The Salt Spring Seed Sanctuary, learning centre and network, encourages local food and seed production, is committed to evaluating and maintaining records for all edible, medicinal and useful crops that can be grown in Canada. (

The Sunshine Coast Seed Collective is developing education and resources, as well as a local seed registry and seed bank.

Seeds of Diversity is Canada’s grassroots seed saving network, where growers can find heritage varieties of “tried and true” seeds from their resource list of open-pollinated seed sources. I recommend that anyone starting to save food seeds should read the organization’s booklet How to Save Your own Vegetable Seeds. (Purchase through for $12).

There are now 40 Seedy Saturdays across Canada. Last month, the 7th Annual Qualicum Beach Seedy Saturday set a attendance record of 1,850 people, a 12% increase from last year. (

Sample seed data form

Location: neighbourhood, mini geoclimatic zone, &/or street address
Species: refers to common species name 
Variety: refers to common variety name
Isolation Distance: distance to other plants of same species, or description of method of isolation to prevent unwanted crossing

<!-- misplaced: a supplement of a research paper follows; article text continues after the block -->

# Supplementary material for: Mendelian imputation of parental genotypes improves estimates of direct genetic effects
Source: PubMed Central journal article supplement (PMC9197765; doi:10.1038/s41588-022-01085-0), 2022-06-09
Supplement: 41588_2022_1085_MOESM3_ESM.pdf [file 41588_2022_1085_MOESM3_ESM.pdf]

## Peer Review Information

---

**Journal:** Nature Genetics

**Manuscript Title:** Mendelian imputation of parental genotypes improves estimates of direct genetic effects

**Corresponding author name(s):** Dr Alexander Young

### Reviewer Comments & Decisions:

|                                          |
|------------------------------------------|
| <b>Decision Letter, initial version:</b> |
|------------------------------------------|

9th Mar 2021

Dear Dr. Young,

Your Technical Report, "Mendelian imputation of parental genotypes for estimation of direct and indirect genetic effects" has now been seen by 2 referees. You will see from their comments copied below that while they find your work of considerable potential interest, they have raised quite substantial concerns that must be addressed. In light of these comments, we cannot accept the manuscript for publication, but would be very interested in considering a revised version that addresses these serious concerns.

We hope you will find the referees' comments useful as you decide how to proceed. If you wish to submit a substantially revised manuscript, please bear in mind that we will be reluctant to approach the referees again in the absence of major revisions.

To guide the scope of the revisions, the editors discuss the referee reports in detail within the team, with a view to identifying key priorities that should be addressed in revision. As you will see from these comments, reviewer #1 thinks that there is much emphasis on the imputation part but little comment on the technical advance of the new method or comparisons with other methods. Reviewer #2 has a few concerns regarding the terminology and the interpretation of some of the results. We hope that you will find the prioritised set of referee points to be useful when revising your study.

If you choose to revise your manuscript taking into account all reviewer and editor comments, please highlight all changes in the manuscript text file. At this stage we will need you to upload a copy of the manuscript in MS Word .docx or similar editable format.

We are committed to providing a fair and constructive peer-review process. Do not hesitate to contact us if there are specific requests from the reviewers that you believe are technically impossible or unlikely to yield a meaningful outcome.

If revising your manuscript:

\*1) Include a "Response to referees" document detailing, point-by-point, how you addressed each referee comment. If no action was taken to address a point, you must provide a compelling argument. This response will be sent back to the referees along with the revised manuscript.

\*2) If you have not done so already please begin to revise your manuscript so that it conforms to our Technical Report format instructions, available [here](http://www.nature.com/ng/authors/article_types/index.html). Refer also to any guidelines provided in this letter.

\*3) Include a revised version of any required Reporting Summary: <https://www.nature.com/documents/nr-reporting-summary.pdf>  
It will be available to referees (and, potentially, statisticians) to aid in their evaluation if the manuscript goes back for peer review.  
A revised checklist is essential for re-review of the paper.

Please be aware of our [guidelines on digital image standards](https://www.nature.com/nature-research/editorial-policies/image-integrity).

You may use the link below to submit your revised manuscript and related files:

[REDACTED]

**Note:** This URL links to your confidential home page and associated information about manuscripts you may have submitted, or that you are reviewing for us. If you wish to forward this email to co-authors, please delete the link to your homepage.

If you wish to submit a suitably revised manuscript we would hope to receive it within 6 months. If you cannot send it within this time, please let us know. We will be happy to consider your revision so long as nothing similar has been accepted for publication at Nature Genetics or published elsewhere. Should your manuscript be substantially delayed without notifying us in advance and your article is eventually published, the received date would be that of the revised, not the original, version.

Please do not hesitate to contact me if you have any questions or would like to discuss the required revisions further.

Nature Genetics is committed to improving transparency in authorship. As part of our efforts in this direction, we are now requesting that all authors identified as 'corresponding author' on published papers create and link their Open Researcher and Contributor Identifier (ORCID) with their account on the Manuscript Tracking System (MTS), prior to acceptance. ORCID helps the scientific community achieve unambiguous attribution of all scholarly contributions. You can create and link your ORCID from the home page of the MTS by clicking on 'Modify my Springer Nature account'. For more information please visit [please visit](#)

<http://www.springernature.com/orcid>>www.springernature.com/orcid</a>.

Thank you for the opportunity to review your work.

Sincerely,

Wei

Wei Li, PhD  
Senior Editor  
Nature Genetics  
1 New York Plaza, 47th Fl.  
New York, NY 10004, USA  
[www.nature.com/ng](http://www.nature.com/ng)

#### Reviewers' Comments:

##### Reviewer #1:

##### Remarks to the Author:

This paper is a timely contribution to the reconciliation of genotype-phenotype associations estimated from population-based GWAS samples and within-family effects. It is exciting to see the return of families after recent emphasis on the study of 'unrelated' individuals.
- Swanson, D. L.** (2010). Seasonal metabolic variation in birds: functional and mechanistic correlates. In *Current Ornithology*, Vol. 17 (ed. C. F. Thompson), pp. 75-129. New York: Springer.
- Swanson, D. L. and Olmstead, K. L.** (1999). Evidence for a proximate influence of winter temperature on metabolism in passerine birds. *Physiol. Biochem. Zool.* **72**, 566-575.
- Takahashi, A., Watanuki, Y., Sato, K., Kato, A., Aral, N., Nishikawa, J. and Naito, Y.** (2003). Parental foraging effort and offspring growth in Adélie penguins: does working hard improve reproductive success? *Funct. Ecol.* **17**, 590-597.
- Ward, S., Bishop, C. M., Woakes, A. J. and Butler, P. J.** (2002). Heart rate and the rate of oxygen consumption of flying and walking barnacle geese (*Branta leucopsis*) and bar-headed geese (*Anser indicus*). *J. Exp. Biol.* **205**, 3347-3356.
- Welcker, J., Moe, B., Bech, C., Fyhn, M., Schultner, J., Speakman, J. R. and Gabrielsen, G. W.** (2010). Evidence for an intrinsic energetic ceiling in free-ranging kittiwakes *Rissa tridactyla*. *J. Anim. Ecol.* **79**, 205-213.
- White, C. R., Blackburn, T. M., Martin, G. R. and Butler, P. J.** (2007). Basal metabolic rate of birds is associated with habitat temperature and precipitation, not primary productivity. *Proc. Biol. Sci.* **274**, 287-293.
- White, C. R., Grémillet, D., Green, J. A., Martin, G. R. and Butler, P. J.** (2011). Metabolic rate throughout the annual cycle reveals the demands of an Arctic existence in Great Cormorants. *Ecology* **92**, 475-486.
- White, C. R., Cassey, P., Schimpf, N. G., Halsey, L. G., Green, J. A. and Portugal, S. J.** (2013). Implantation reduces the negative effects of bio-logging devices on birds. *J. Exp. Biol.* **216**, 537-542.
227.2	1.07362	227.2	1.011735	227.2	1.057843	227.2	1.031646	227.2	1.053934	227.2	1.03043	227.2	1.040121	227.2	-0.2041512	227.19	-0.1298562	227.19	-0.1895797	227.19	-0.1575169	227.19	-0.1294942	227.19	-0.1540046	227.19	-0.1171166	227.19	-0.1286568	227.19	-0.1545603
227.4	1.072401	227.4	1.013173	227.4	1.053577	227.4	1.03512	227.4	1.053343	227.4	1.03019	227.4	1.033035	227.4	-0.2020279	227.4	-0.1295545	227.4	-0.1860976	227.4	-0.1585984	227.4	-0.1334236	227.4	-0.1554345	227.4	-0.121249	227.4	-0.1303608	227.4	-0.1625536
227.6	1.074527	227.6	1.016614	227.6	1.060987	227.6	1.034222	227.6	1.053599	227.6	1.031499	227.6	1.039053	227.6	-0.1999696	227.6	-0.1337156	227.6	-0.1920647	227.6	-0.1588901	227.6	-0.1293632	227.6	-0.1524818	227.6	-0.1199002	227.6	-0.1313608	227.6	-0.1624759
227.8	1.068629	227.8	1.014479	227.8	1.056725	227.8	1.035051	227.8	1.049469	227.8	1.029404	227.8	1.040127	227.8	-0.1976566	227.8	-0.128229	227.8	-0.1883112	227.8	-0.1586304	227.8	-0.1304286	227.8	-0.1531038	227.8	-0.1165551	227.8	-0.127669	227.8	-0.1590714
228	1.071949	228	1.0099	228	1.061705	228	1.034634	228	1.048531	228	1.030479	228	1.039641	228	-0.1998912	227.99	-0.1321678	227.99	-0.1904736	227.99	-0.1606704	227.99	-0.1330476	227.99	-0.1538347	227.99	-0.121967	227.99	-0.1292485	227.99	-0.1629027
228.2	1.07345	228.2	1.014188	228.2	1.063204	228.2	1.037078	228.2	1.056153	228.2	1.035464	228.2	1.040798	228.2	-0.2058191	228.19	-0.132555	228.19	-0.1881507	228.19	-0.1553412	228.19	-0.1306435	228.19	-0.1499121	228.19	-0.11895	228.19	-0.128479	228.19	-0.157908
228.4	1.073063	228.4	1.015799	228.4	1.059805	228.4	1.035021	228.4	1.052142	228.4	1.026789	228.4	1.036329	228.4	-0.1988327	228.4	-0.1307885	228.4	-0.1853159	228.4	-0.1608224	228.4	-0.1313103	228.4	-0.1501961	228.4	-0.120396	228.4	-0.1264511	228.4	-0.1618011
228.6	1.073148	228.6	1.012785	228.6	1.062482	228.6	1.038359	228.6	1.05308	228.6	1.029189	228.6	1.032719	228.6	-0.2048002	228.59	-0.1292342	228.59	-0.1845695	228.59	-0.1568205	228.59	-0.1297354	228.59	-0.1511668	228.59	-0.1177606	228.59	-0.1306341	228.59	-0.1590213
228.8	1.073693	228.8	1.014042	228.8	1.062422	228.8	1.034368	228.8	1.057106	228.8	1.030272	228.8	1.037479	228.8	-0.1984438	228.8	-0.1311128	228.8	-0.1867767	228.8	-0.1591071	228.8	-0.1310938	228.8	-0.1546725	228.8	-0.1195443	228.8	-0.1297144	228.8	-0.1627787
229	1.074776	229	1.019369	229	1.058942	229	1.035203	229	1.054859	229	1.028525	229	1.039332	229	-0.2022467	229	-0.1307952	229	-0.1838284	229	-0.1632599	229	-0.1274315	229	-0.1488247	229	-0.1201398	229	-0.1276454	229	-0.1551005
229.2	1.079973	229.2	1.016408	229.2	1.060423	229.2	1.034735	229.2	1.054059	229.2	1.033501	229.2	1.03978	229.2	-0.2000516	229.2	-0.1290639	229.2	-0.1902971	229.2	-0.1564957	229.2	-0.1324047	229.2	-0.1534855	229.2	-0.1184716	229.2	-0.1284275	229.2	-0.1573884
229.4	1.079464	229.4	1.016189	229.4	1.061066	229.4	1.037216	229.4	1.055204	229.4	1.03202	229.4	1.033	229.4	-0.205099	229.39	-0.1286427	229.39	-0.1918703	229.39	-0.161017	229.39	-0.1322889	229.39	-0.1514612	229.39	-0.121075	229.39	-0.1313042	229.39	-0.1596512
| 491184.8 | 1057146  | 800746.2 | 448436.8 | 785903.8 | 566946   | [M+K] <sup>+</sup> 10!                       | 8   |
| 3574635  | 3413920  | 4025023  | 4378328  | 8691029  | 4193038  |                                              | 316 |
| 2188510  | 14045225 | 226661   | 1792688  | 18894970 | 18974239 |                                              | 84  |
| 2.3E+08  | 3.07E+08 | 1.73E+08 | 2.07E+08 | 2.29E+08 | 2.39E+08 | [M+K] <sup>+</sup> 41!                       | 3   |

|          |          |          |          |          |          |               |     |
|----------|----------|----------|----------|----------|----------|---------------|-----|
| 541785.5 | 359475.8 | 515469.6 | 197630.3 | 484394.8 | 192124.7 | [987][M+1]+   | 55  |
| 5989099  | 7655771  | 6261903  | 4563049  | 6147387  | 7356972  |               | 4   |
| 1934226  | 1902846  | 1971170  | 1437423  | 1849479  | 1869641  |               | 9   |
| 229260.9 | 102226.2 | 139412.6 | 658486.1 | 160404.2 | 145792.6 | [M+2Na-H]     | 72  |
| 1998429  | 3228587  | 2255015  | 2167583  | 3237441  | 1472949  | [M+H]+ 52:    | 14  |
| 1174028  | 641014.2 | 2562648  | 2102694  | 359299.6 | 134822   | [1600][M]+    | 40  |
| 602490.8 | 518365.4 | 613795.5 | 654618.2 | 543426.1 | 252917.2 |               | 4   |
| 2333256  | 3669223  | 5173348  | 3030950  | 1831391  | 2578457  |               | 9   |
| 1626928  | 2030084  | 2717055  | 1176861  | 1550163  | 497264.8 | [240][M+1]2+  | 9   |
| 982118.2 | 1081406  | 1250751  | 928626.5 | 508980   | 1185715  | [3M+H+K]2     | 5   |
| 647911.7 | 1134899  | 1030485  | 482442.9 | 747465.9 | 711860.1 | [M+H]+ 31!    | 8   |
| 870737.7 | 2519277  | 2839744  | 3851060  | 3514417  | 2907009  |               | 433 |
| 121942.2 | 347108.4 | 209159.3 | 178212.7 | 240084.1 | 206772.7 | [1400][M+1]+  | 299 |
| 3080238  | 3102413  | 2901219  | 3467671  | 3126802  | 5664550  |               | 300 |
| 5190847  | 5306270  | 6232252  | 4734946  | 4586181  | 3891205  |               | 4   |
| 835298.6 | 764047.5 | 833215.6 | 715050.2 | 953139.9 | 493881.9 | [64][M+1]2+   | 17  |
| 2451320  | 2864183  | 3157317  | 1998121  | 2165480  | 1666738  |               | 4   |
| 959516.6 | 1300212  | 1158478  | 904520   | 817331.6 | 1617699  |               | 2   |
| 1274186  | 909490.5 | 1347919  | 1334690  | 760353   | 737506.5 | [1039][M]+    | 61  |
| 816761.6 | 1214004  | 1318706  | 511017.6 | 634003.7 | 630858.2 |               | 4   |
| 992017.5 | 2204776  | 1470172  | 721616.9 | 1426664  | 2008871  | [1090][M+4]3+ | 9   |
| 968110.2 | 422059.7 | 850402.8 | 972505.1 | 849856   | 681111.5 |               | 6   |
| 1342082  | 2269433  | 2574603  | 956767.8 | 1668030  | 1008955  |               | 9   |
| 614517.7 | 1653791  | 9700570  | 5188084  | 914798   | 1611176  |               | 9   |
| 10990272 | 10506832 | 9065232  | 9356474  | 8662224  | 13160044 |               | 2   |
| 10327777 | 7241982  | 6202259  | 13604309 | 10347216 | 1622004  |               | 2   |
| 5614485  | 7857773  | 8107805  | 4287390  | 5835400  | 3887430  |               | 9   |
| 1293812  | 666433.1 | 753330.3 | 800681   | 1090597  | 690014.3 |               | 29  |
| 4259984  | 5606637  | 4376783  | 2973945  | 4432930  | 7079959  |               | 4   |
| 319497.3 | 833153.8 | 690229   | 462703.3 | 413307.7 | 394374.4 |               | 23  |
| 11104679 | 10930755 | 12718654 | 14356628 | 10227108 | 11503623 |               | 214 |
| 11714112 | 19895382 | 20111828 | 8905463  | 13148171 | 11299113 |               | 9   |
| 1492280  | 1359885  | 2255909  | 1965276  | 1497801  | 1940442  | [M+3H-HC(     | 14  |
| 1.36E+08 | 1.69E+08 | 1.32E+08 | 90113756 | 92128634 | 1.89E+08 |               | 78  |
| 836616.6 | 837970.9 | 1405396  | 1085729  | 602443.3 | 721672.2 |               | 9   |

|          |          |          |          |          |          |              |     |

# Plants: number of parent plants grown, necessary to insure genetic diversity
History: seed source and unique characteristics

From suffering to peace

THE POWER OF NOW by Eckhart Tolle

I READ about a stoic philosopher in ancient Greece who, when told that his son had died in an accident, replied, “I knew he was not immortal.” Is that surrender? If it is, I don’t want it. There are some situations in which surrender seems unnatural and inhuman.

Being cut off from your feelings is not surrender. But we don’t know what his inner state was when he said those words. In certain extreme situations, it may still be impossible for you to accept the Now. But you always get a second chance at surrender.

Your first chance is to surrender each moment to the reality of that moment. Knowing that what is cannot be undone – because it already is – you say yes to what is or accept what isn’t. Then you do what you have to do, whatever the situation requires. If you abide in this state of acceptance, you create no more negativity, no more suffering, no more unhappiness. You then live in a state of non-resistance, a state of grace and lightness, free of struggle.